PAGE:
Sidenote: About MIDI:

"MIDI was originally designed for passing musical events, such as key depressions, between electronic keyboard instruments such as synthesizers. Hardware devices known as sequencers stored sequences of notes that could control a synthesizer, allowing musical performances to be recorded and subsequently played back. Later, hardware interfaces were developed that connected MIDI instruments to a computer's serial port, allowing sequencers to be implemented in software. More recently, computer sound cards have incorporated hardware for MIDI I/O and for synthesizing musical sound. Today, many users of MIDI deal only with sound cards, never connecting to external MIDI devices. CPUs have become fast enough that synthesizers, too, can be implemented in software. A sound card is needed only for audio I/O and, in some applications, for communicating with external MIDI devices. - The Java Tutorials: The MIDI Package
With the chapter in Head First Java: Using Swing, they walk you through:

  • Setting up a list of sixteen percussion instruments, taken from the MIDI Percussion Key Map. 
  • Set up a Sequencer to play the music, playing the sequence chosen by the user. It's a fast tempo, 120 beats per minute. The tempo can raised or lowered by the user. 
  • Set up a GUI with a list of the 16 percussion instruments the user can choose from in the far right column. By checking one of sixteen checkboxes for that instrument, the user crafts the sequence that will be played in a continuous loop. 
  • Listeners are placed on a Start and a Stop button to play and pause the beatbox. 

Even though you can download the sourcecode from the book, cutting and pasting what you need, I find it is easier for me to understand the code by manually typing the code out and experimenting with it. 

A Few Modifications:

I made a few changes with the program:

Adding New Instrument:

There are a lot more percussion instruments than the sixteen shown in the example.

General MIDI Level 1 Percussion Key Map
On MIDI Channel 10, each MIDI Note number ("Key#") corresponds to a different drum sound, as shown below. GM-compatible instruments must have the sounds on the keys shown here. While many current instruments also have additional sounds above or below the range show here, and may even have additional "kits" with variations of these sounds, only these sounds are supported by General MIDI Level 1 devices.
Key#Drum SoundKey#Drum Sound
35Acoustic Bass Drum59Ride Cymbal 2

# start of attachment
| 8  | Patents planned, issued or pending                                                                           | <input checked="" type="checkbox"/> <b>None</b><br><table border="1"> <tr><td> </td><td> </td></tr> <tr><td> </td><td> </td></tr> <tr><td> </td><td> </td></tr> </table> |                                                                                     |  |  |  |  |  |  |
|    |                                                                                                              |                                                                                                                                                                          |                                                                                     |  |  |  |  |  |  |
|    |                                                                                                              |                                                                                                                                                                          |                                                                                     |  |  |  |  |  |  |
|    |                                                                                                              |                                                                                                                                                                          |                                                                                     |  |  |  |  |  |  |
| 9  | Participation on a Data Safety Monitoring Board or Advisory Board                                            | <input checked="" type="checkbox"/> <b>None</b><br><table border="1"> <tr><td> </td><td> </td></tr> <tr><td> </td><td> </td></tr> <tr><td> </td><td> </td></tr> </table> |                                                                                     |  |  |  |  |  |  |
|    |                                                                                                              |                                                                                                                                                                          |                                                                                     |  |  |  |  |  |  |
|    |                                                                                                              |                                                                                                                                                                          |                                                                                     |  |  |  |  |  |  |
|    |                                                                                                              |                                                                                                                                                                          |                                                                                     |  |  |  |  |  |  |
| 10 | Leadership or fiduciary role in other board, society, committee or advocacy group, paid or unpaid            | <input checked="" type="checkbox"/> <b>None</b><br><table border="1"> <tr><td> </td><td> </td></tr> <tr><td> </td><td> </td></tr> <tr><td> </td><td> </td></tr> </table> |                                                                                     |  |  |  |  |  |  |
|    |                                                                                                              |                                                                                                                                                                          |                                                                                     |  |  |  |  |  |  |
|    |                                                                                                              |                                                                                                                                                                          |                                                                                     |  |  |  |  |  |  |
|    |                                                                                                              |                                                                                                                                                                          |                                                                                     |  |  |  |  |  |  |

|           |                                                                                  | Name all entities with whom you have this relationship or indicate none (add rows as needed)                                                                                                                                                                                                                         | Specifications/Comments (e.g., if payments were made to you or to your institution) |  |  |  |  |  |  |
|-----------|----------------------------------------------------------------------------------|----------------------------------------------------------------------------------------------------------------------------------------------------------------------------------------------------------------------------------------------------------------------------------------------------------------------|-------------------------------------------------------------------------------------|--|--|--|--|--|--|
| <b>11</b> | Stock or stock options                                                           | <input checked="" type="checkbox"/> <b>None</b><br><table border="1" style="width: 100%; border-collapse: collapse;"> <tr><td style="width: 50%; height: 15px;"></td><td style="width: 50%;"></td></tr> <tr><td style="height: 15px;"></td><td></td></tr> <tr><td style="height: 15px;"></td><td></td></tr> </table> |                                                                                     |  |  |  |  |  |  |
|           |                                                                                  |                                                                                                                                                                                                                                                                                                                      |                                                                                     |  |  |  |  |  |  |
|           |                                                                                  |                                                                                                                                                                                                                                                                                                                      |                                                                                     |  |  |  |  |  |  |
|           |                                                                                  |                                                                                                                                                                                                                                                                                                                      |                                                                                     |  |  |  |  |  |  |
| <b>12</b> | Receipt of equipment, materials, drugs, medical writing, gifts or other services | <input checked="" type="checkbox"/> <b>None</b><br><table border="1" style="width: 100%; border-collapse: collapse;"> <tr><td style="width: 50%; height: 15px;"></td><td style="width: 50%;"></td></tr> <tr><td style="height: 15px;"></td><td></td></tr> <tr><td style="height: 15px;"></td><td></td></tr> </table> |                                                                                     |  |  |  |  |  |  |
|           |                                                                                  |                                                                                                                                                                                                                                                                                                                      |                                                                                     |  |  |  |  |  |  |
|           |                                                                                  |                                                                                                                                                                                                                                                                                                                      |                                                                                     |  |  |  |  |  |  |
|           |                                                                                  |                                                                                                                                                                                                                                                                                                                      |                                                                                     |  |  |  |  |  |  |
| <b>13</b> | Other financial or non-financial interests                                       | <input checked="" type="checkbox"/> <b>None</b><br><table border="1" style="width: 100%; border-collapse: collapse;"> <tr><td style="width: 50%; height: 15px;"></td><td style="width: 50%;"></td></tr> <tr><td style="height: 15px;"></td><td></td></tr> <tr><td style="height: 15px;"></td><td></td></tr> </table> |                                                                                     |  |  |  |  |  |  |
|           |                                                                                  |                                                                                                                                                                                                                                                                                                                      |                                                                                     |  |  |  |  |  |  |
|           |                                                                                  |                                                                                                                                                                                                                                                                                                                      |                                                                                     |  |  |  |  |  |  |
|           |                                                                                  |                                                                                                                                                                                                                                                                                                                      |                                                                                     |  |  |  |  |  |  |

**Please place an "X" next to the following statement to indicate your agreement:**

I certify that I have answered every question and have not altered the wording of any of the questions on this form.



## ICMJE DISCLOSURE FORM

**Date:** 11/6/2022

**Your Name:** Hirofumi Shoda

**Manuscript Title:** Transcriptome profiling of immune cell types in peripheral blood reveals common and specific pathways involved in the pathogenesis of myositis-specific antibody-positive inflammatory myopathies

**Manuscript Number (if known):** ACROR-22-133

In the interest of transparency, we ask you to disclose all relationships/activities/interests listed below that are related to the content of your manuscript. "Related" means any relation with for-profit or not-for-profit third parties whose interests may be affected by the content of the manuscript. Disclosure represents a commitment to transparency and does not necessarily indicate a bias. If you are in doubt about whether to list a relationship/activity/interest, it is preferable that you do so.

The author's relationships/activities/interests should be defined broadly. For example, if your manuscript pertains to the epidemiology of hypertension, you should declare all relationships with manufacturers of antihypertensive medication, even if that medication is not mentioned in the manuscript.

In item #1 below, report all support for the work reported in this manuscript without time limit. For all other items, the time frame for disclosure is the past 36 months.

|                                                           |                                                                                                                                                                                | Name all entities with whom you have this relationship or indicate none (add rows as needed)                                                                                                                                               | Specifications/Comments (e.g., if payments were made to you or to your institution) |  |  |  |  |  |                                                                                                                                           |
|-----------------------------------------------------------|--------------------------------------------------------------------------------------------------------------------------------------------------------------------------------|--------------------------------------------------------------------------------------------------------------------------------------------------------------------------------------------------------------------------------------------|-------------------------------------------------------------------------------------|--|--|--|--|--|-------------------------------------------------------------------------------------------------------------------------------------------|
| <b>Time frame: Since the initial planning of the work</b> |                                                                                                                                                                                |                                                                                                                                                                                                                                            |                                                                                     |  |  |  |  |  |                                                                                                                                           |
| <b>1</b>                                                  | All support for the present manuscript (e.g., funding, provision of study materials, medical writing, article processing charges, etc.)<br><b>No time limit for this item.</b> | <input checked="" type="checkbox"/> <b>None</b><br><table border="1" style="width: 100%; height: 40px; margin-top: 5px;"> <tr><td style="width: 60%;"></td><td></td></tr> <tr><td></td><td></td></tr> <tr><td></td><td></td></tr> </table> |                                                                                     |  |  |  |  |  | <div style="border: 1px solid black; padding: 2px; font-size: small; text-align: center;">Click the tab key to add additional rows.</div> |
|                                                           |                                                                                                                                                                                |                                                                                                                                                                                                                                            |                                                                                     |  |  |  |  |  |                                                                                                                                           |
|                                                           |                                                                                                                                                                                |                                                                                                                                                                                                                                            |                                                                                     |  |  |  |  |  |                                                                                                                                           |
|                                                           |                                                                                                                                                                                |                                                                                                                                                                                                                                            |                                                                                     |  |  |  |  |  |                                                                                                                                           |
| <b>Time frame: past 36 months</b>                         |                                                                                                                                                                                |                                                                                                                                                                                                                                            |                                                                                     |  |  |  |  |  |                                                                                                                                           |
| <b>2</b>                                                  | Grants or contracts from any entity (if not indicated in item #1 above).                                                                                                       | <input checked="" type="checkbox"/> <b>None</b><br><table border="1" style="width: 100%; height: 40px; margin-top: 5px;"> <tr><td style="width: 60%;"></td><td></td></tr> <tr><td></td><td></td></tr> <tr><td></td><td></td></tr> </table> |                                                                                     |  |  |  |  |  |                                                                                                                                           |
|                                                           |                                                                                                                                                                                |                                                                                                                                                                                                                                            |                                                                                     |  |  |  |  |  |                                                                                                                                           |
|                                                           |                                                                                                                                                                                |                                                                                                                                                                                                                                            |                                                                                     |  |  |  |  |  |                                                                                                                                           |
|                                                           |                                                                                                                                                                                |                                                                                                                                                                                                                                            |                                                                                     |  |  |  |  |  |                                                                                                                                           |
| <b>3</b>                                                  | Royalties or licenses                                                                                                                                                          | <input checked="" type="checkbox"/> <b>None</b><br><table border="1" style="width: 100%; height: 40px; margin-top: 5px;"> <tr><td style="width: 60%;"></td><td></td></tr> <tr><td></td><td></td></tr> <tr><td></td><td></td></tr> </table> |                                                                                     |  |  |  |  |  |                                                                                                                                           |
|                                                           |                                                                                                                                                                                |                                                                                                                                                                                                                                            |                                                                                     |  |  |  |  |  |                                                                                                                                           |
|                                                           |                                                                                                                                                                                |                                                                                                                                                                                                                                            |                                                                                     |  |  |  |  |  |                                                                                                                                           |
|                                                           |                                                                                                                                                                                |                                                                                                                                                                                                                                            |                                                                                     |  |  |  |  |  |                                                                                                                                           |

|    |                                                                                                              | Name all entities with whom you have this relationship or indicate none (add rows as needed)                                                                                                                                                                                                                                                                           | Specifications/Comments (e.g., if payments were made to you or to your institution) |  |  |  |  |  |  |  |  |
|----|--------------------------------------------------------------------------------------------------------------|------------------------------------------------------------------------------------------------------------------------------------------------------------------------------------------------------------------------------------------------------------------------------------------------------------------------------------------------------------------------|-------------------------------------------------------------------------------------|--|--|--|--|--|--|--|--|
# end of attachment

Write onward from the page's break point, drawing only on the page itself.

36Bass Drum 160Hi Bongo
37Side Stick61Low Bongo
38Acoustic Snare62Mute Hi Conga
39Hand Clap63Open Hi Conga
40Electric Snare64Low Conga
41Low Floor Tom65High Timbale
42Closed Hi Hat66Low Timbale
43High Floor Tom67High Agogo
44Pedal Hi-Hat68Low Agogo
45Low Tom69Cabasa
46Open Hi-Hat70Maracas
47Low-Mid Tom71Short Whistle
48Hi-Mid Tom72Long Whistle
49Crash Cymbal 173Short Guiro
50High Tom74Long Guiro
51Ride Cymbal 175Claves
52Chinese Cymbal76Hi Wood Block
53Ride Bell77Low Wood Block
54Tambourine78Mute Cuica
55Splash Cymbal79Open Cuica
56Cowbell80Mute Triangle
57Crash Cymbal 281Open Triangle
58Vibraslap
From http://www.midi.org/techspecs/gm1sound.php


Placing Instruments into an Enums file: 

I separated out the instrument keys and instruments placing them in an enums file:

Snippet of Instruments.java






This makes the program flexible to recognize how many instruments are listed, by using 'Instrument.values().length'. Adding instruments to the Instruments enums adds or changes the list of instruments in the app automatically.

Add a Listener to the Grid of Checkboxes

I created a listener for the instrument checkboxes, so the new beat would play instantly, instead of waiting for the user to press 'Start'.



I am still trying to figure out how to embed the Java app on an HTML page. Once I figure that out, I can place it here.  

View Source Code



Maybe after a few years of dabbling in little projects like this, I can become more proficiency in the language!


-T.J. Maher
 Sr. QA Engineer, Fitbit
 // Manual tester, 15 years
 // Automated tester for [ 4 ] months and counting

Please note: 'Adventures in Automation' is a personal blog about automated testing. It is not an official blog of Fitbit.com